Jesus’ Death and Our Personal Annoyances
Dear Church Family,
What a great day last Sunday was! A terrific morning of Christ-centered worship was followed by a sweet-spirited congregational meeting, and topped off by an all-church picnic. When I got home Sunday at 8:00 p.m., I was both exhausted and invigorated.
And what a beautiful thing to see so many people laughing and getting along so well at the picnic (Not that I expected anything different!).
Nevertheless, as I was completing a sixty-hour, sixteen-state-encompassing, round-trip driving tour with my family over the middle of July, I was reminded of how easy it is to be annoyed with each other. Even people you love. Toward the end of one particular evening, as we pulled into an economically priced (read: cheap and disgusting) hotel in Winslow, Arizona, it occurred to me that everything everyone was doing in the car was bothering me. The way one child slurped a milkshake. The way another lip-synced a Taylor Swift song. Even the way another stared innocently out at the surrounding cacti. I was just irked by all of it.
I realize that the problem was mine, not theirs. Fourteen hours behind the wheel (complete with about thirteen bathroom stops) will bring out the worst in a person, I suppose. The bottom line is: I was sinfully irritable with no one to blame but myself.
Sadly, it’s not just family members with whom we often get unrighteously annoyed. Sometimes believers in Christ choose the smallest (and oddest) things to hold against one another. From personality quirks to shifting preferences. I’ve seen close friends erupt at one another over differing interpretations of obscure passages (Can anyone really say for certain who the ten horns represent in Revelation 17?). On the less spiritual side, I’ve seen relationships nearly severed over a birthday party snub. I’ve seen people duck into the restroom just because they couldn’t stand to spend one minute talking to the oncoming individual. This is not at all uncommon in the believing community.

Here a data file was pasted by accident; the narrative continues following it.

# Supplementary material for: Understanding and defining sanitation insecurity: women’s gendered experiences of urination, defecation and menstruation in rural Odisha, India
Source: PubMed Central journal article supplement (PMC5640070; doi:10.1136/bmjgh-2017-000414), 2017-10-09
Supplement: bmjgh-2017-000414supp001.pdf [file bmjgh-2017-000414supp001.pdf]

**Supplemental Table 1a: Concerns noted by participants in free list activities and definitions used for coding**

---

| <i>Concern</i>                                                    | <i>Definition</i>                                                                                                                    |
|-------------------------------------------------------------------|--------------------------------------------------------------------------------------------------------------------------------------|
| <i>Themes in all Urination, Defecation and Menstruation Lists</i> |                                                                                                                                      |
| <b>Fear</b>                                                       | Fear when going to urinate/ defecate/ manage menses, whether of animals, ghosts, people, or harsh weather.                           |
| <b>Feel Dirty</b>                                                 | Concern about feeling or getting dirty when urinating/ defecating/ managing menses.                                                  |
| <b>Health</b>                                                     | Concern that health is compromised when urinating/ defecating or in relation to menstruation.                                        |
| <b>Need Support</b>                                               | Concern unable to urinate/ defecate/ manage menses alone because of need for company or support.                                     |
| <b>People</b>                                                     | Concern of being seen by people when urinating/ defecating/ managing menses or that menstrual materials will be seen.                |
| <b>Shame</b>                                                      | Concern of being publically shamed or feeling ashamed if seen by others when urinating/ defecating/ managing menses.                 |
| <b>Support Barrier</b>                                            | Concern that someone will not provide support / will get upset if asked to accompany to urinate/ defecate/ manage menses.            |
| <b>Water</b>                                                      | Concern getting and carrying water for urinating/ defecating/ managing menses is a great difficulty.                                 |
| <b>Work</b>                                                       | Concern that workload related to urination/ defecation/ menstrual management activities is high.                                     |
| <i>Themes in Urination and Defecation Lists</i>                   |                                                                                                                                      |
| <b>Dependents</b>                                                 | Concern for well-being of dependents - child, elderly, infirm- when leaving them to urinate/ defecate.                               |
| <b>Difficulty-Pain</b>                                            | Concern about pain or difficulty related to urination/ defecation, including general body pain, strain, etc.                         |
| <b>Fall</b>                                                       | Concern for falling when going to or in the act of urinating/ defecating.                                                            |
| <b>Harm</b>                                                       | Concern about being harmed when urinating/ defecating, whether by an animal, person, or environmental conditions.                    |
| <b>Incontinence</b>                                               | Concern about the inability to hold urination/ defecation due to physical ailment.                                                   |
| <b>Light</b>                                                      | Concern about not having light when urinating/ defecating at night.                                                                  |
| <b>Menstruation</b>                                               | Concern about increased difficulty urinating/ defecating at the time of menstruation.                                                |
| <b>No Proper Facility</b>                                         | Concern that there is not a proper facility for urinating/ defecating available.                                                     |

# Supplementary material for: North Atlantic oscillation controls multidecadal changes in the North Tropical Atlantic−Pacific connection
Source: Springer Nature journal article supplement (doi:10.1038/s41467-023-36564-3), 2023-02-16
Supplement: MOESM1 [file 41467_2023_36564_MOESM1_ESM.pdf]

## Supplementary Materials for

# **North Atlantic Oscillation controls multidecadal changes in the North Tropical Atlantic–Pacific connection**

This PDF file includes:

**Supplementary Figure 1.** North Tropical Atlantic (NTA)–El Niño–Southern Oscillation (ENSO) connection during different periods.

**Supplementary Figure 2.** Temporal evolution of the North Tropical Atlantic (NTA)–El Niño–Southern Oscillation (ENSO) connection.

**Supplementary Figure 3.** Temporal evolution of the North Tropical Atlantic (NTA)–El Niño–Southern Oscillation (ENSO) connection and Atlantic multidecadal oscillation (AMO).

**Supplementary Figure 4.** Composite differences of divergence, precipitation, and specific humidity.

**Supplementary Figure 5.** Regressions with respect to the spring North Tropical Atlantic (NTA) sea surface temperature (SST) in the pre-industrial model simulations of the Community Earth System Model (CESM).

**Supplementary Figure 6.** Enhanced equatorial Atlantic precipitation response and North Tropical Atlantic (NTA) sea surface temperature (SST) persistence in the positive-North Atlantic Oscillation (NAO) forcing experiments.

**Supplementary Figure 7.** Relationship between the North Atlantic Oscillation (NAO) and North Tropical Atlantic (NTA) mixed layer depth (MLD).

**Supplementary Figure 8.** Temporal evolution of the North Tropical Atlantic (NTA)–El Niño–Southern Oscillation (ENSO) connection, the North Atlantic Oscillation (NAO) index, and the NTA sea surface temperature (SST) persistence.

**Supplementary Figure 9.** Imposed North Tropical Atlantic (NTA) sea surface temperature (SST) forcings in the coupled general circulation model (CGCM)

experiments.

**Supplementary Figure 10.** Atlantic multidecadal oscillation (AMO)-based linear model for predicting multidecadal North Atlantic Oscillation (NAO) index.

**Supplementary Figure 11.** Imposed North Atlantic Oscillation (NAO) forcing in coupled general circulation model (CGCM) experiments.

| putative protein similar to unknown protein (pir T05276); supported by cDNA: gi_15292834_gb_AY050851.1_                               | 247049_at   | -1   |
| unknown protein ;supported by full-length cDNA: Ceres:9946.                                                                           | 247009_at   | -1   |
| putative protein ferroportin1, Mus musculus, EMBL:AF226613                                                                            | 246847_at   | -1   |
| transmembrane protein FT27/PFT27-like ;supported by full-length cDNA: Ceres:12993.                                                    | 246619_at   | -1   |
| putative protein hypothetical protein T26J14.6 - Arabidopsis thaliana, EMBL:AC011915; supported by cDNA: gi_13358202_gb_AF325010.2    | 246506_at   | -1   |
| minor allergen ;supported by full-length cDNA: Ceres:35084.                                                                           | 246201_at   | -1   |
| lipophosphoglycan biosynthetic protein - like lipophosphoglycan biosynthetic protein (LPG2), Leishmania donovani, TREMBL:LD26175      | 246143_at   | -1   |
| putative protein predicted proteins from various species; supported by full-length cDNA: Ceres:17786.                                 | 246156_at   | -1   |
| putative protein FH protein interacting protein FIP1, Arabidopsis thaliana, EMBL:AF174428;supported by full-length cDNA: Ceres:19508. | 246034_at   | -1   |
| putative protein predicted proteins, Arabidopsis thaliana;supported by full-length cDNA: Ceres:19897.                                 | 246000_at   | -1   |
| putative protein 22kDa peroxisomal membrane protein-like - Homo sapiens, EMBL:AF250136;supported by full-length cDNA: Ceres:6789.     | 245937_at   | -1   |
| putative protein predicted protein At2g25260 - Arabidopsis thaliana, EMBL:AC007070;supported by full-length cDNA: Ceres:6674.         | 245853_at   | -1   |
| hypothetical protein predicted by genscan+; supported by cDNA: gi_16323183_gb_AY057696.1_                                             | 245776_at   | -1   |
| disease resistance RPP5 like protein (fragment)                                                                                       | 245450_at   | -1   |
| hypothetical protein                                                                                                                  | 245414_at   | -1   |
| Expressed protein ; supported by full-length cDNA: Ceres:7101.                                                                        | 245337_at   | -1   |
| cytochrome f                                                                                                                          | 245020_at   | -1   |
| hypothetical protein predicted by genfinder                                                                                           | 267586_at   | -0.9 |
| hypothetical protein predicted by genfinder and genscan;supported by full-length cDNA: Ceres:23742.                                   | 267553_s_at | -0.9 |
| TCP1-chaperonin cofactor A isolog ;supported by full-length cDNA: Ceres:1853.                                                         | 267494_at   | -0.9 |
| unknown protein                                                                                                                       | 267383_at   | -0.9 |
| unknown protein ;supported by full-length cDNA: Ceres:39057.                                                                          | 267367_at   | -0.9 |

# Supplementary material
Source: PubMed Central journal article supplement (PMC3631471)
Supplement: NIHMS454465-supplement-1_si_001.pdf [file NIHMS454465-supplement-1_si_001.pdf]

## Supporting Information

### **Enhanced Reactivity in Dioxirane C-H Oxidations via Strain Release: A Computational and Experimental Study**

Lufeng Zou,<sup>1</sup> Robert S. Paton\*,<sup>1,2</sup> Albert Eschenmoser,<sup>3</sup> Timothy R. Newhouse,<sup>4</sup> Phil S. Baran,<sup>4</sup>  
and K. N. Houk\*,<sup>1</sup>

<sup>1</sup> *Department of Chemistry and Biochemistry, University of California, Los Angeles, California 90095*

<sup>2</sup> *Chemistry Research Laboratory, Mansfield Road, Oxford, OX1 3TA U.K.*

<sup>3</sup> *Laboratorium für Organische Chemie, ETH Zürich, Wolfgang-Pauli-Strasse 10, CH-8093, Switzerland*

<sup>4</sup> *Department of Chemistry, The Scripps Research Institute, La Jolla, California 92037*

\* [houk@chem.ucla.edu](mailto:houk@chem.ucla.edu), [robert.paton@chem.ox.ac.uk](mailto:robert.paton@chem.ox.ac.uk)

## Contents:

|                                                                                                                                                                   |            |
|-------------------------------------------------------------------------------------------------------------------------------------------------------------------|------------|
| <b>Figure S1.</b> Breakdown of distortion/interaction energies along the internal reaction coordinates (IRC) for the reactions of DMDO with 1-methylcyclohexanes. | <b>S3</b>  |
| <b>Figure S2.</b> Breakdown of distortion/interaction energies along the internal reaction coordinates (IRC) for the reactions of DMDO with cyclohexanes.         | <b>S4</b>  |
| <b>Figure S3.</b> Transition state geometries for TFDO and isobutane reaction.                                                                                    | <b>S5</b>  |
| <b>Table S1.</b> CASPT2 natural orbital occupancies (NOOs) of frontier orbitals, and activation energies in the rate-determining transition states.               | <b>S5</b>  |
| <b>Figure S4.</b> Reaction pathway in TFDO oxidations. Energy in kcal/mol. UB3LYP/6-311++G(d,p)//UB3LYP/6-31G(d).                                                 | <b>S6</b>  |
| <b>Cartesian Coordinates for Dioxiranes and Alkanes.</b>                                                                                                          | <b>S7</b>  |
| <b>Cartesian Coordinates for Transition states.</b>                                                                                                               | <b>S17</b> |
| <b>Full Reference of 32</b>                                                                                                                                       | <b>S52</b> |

And yet, one of the things Christ died for was to create and establish peace between God and man AND man and man. And man and woman. Through the cross, the Apostle Paul says, Jesus “killed the hostility” that existed both vertically and horizontally (Ephesians 2:14-16), not only making reconciliation between God and man possible, but enabling us to love each other and get along, rendering inconsequential all those things that tend to separate us: race, color, education, family background, religious history, birthplace, etc.
The only thing that matters is: we are together “in Christ”—a group of people who have been forgiven of their calculated rebellion against God and granted new standing by faith in the active and passive obedience of Jesus. We might say it this way: we have been made to be at peace.
Consequently, there is no place for division among believers. Or even longstanding annoyances.
In his exposition of Ephesians, seventeenth century English Puritan, Thomas Goodwin, wrote:
“Upon the cross Jesus takes upon himself whatever either party has against the other. ‘Lo, here I hang,’ says Christ dying, ‘and let the reproaches wherewith you reproach each other fall on me, the sting of them all fix in my flesh, and in my death die all together with me; lo, I die to pacify you both. Have then any of you something against each other? Quit it, and take me as a sacrifice in blood between you: only do not kill me and each other too, for the same offense; for you, and your enmities, have brought me to this altar of the cross, and I offer myself as your peace, and as your priest. Will you kill me first, and then one another too?’ ”
Sure, there are plenty of things about which to disagree. And, I must admit, not all people are equally easy to love. But we have the most amazing thing in common: We have been bought with the unthinkably high price of Jesus’ shed blood. We have been supernaturally baptized into one family. We are brothers and sisters in Christ. All of our offenses against God and each other have been completely dealt with by Jesus’ cross-work. That’s all the reason in the world to get along with each other, and to get over our petty disagreements.
I say this not as a corrective, really, but as a reminder. I am thankful to be part of a church where the essentials are treasured and held tightly, and where the non-essentials—even those annoyances which threaten to divide—are handed over to Jesus, who died so that they need not ever keep us apart.
I’m looking forward to worshiping God with you on Sunday. See you then!